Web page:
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Date:	Fri, 6 Jul 2007 09:20:42 +0200
From:	"Rafael J. Wysocki" <>
To:	Benjamin Herrenschmidt <>
Cc:	Alan Stern <>,
	Paul Mackerras <>,
	Johannes Berg <>,
	Linux-pm mailing list <>,
	Kernel development list <>,
	Pavel Machek <>,
	Matthew Garrett <>
Subject: Re: [linux-pm] Re: [PATCH] Remove process freezer from suspend to RAM pathway

On Friday, 6 July 2007 00:59, Benjamin Herrenschmidt wrote:
> On Thu, 2007-07-05 at 10:23 -0400, Alan Stern wrote:
> > 
> > How will that help?  Block the kernel thread in the freezer or block it 
> > in the driver -- either way it is blocked.  So how do your deadlocks 
> > get resolved?
> Because nobody is waiting on that kernel thread anyway without a freezer
> so there is no deadlock anymore.

I'm not sure what you mean.  The freezer doesn't wait for threads that are
already frozen ...

> > I disagree with your analysis -- not that it's completely wrong, but it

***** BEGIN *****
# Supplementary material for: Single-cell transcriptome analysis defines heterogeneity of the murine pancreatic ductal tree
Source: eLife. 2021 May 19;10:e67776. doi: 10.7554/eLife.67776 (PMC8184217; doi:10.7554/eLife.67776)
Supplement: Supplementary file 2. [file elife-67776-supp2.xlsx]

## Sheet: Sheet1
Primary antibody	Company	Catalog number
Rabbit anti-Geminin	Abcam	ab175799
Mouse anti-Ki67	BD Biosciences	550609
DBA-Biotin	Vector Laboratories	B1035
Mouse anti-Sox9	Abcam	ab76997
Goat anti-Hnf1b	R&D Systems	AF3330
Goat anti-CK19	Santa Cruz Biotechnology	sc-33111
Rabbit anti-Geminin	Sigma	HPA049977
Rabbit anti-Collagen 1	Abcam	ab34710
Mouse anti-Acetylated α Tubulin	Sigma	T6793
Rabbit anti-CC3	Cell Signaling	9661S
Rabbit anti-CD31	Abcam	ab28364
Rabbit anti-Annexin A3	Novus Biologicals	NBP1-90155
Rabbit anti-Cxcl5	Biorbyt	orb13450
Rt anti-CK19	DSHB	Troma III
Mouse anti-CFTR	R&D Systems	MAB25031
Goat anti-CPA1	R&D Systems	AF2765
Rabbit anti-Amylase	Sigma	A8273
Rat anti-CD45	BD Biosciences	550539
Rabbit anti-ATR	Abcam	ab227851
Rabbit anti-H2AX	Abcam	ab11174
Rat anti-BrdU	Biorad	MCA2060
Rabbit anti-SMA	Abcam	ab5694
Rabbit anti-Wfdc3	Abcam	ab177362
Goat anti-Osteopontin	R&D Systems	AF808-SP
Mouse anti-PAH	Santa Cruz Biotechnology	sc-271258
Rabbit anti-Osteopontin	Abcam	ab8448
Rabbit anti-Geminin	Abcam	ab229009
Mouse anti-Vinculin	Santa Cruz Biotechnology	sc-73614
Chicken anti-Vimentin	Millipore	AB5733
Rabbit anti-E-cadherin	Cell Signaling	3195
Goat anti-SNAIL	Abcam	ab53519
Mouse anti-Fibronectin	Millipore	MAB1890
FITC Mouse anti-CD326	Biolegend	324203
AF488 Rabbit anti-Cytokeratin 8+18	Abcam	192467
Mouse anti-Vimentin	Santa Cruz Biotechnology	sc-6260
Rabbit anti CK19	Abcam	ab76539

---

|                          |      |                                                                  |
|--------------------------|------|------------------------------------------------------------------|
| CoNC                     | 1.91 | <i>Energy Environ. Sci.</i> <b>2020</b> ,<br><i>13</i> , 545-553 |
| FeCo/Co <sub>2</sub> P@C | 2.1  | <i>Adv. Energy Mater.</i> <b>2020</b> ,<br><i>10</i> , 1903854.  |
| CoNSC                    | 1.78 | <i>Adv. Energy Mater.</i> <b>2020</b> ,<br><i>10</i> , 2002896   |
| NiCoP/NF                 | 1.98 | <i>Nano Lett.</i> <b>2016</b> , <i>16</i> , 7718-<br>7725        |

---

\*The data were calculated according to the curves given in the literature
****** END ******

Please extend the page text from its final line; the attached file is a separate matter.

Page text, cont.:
> > points out an existing basic problem in the kernel.  The kernel should 
> > never depend on userspace!  More correctly, a task executing in the 
> > kernel should never block with any sort of mutex or other lock held (in 
> > a way that would preclude it from being frozen, let's say) while 
> > waiting for a response from userspace.
> > 
> > Then the dependency graph would be easy to construct: User tasks can
> > depend on whatever they want, and kernel threads never depend on a user
> > task.
> In an idea world, there would be no hunger...
> > If this contradicts the existing implementations and APIs for userspace 
> > filesystems, then so be it.  My conclusion would be that the 
> > implementations and APIs should be changed.
> Why are you guys working so hard and spending so much energy to try to
> avoid doing the right thing is beyond my understanding...
> > It _does_ apply to kernel threads.  That's exactly why I wrote above 
> > that kernel threads which try to do I/O during a suspend will need 
> > extra attention.
> Ok none at all if you don't have a freezer.

Provided that drivers can handle that.


"Premature optimization is the root of all evil." - Donald Knuth
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